Chaparral also comes with two different cargo pods designed to load heavy or light cargo. An autonomous ground navigation system uses advanced perception and robotic technology to guide the aircraft to the pod, which is intended to be preloaded by ground personnel. Cargo loaders can then sit back and watch as the aircraft’s lift-and-latch cargo handling mechanism grabs the pod entirely on its own.

The automated ground navigation and cargo handling systems allow Chaparral to retrieve cargo before takeoff, release it after landing, and taxi to the next pod by itself. That minimizes turnaround time and operator interaction on the ground, creating what Elroy calls a “bidirectional conveyor belt through the sky.”

The company in May demonstrated Chaparral’s autonomous ground capabilities at Travis Air Force Base in California as part of the Air Force’s Golden Phoenix Technology Demonstration Event.

“Getting to this stage of the process—reserved delivery positions secured with deposits—underscores our relationship built with Bristow and we are extremely pleased to be at this stage in development,” said Kofi Asante, vice president of business development and strategy for Elroy. “Bristow's expertise is a strong catalyst for bringing new aircraft like ours to the market. Their rotorcraft expertise, global footprint, and innovative mindset have made them a strong partner and we are excited for the next chapter together.”

Chaparral adds to Bristow’s other VTOL purchases, of which it has made a heap over the past 24 months. The company has orders for up to 55 Beta Technologies Alia-250s, up to 50 Vertical Aerospace VA-X4s, 100 eVTOL aircraft from Embraer subsidiary Eve Air Mobility, and between 20 and 50 Overair Butterfly aircraft. It also plans to buy 50 Lilium Jets and agreed to provide maintenance for the German company’s Florida network in addition to its future networks in the U.S. and Europe.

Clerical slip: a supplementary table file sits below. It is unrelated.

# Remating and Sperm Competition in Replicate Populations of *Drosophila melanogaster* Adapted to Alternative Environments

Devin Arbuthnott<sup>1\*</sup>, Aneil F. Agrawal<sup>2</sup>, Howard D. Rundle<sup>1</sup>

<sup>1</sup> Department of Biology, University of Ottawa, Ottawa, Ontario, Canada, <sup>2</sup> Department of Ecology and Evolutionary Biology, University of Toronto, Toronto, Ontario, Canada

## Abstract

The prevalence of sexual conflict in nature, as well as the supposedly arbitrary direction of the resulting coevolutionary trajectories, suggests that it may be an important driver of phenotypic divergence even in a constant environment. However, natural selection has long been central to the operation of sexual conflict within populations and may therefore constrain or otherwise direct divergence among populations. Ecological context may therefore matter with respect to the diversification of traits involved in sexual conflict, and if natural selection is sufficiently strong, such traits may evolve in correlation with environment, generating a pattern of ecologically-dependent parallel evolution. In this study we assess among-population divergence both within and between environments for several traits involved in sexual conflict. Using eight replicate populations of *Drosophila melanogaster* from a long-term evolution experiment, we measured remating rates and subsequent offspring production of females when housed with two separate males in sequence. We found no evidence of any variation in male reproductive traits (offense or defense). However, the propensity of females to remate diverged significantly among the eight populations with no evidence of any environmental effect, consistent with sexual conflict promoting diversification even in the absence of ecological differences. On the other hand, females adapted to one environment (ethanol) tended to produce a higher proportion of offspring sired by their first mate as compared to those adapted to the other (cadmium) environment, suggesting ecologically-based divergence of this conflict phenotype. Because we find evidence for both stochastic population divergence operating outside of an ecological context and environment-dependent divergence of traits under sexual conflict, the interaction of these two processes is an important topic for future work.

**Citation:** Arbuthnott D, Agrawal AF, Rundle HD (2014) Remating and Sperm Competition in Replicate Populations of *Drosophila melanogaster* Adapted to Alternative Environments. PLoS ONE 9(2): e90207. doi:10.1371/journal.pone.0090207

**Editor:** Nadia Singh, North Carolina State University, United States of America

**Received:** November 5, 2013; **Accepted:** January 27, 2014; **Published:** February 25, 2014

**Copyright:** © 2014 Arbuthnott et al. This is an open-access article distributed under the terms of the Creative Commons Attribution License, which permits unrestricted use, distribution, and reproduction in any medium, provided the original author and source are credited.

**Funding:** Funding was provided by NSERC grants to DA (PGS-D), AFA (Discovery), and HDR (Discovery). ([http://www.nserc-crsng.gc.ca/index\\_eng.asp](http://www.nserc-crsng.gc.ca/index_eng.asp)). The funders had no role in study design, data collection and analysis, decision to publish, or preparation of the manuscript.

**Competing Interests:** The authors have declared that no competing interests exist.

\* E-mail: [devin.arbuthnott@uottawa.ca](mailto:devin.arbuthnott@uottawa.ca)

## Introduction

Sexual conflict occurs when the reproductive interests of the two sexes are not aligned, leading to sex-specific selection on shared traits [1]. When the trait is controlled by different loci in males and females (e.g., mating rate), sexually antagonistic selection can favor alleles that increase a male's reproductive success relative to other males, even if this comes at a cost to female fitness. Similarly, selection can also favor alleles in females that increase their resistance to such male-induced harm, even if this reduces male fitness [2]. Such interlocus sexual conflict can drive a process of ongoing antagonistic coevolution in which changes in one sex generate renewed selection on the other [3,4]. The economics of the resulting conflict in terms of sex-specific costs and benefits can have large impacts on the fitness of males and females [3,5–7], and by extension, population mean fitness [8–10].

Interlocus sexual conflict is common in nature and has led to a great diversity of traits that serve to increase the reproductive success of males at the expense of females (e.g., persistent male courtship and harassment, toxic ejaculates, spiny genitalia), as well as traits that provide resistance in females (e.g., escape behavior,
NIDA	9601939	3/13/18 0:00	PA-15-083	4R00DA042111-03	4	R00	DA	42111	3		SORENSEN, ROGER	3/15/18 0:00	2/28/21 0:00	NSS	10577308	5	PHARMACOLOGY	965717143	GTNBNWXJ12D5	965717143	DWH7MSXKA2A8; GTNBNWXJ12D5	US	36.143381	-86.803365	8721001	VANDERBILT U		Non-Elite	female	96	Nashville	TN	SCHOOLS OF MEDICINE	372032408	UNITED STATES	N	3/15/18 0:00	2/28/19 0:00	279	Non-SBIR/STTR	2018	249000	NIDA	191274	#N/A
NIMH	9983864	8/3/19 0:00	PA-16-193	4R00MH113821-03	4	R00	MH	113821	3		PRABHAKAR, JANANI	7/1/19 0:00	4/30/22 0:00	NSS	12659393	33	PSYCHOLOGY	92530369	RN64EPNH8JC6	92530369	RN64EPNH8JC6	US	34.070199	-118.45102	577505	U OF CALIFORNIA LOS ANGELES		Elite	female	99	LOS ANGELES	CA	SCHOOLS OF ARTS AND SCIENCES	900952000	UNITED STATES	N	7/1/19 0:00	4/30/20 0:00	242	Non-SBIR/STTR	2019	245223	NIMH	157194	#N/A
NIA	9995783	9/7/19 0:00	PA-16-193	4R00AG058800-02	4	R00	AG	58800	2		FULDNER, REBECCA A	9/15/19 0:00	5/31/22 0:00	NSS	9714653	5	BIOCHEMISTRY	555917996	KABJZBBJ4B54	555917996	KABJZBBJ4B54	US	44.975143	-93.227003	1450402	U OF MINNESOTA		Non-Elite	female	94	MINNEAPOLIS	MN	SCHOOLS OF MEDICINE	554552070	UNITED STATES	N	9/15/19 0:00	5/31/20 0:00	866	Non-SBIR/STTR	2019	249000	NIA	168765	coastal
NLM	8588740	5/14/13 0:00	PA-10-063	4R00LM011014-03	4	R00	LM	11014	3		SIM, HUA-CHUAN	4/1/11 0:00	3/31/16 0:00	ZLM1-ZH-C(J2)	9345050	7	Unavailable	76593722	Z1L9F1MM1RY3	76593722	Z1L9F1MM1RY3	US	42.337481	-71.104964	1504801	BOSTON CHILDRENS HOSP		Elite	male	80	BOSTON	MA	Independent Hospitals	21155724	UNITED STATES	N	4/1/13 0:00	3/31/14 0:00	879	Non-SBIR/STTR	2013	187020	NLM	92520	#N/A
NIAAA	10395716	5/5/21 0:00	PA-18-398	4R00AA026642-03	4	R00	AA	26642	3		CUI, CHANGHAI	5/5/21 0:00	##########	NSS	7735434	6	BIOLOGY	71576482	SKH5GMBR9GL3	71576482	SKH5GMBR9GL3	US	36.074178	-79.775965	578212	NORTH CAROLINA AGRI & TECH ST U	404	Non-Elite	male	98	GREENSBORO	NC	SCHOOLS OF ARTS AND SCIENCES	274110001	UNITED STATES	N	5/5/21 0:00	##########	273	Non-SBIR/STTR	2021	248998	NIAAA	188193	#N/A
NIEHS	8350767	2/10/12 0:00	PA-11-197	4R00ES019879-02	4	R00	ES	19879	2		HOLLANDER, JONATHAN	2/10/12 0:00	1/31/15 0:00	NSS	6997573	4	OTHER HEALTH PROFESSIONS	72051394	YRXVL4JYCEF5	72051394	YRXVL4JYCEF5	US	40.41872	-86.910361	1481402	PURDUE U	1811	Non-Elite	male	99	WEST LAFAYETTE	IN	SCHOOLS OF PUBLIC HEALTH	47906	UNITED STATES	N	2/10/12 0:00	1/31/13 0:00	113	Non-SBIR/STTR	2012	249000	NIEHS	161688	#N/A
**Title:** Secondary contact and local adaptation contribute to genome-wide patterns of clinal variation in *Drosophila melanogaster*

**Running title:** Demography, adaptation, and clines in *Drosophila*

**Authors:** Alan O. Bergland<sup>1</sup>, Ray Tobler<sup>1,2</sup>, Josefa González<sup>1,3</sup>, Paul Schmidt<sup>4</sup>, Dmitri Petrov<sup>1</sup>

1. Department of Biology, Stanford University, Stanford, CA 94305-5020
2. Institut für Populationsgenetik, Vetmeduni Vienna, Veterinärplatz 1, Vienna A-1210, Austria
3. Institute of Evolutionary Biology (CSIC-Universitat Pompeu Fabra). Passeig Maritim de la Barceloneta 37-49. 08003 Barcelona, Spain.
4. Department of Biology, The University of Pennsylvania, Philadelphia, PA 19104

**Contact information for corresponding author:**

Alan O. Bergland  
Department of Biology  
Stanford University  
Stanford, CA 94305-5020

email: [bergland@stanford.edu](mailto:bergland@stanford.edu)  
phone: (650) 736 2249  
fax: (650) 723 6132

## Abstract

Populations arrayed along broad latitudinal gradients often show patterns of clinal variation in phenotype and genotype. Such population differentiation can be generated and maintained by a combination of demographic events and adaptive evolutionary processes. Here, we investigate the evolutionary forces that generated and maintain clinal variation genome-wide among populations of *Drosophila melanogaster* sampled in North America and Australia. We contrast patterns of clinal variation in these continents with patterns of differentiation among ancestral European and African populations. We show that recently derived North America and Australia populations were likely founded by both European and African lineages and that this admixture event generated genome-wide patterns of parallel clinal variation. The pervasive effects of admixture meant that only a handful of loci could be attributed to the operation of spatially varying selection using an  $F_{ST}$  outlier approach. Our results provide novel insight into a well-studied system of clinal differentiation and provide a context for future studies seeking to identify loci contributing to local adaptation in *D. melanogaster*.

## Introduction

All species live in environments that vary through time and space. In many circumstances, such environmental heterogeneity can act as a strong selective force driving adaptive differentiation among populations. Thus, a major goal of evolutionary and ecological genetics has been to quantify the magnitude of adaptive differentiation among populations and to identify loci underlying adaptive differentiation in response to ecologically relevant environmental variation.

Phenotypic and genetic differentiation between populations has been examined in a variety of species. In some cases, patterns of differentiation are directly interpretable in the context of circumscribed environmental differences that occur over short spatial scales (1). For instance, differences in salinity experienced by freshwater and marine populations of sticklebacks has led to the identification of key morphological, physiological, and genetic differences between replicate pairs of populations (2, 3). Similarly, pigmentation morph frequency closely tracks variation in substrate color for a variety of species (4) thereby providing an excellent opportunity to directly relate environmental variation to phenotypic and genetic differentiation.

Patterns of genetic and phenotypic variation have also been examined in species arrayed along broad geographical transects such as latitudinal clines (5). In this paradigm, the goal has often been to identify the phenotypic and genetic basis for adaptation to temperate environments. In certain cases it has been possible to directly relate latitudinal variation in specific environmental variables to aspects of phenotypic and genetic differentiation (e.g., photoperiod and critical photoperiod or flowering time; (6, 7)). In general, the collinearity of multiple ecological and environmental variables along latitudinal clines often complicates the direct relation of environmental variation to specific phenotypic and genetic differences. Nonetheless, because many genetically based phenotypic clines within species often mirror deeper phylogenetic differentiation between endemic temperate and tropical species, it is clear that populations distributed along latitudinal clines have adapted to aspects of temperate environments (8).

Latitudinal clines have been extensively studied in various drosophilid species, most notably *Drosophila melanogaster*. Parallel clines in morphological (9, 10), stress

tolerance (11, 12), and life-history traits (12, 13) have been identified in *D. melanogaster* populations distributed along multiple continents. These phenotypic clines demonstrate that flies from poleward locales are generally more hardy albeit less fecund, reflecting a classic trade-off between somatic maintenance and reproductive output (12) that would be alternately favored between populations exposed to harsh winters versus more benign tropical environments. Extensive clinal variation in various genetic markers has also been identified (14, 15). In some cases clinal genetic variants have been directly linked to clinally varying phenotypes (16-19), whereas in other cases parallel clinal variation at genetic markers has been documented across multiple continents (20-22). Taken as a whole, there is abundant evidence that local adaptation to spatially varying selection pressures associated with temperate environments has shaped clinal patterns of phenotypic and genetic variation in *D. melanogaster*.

As of January, Elroy has sold more than 900 Chaparral systems representing more than $2 billion in purchase demand. According to SMG Consulting’s AAM Reality Index (ARI), that places it behind only Eve, Vertical, and China’s EHang among the major AAM players. It ranks seventh in overall ARI rating, which measures a company’s ability to produce thousands of units of commercial products per year. Rival Beta ranks second, with Vertical, Lilium, and Textron’s Pipistrel—all of whom look to serve the cargo industry—also in the mix.

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Jack is a staff writer covering advanced air mobility, including everything from drones to unmanned aircraft systems to space travel—and a whole lot more. He spent close to two years reporting on drone delivery for FreightWaves, covering the biggest news and developments in the space and connecting with industry executives and experts. Jack is also a basketball aficionado, a frequent traveler and a lover of all things logistics.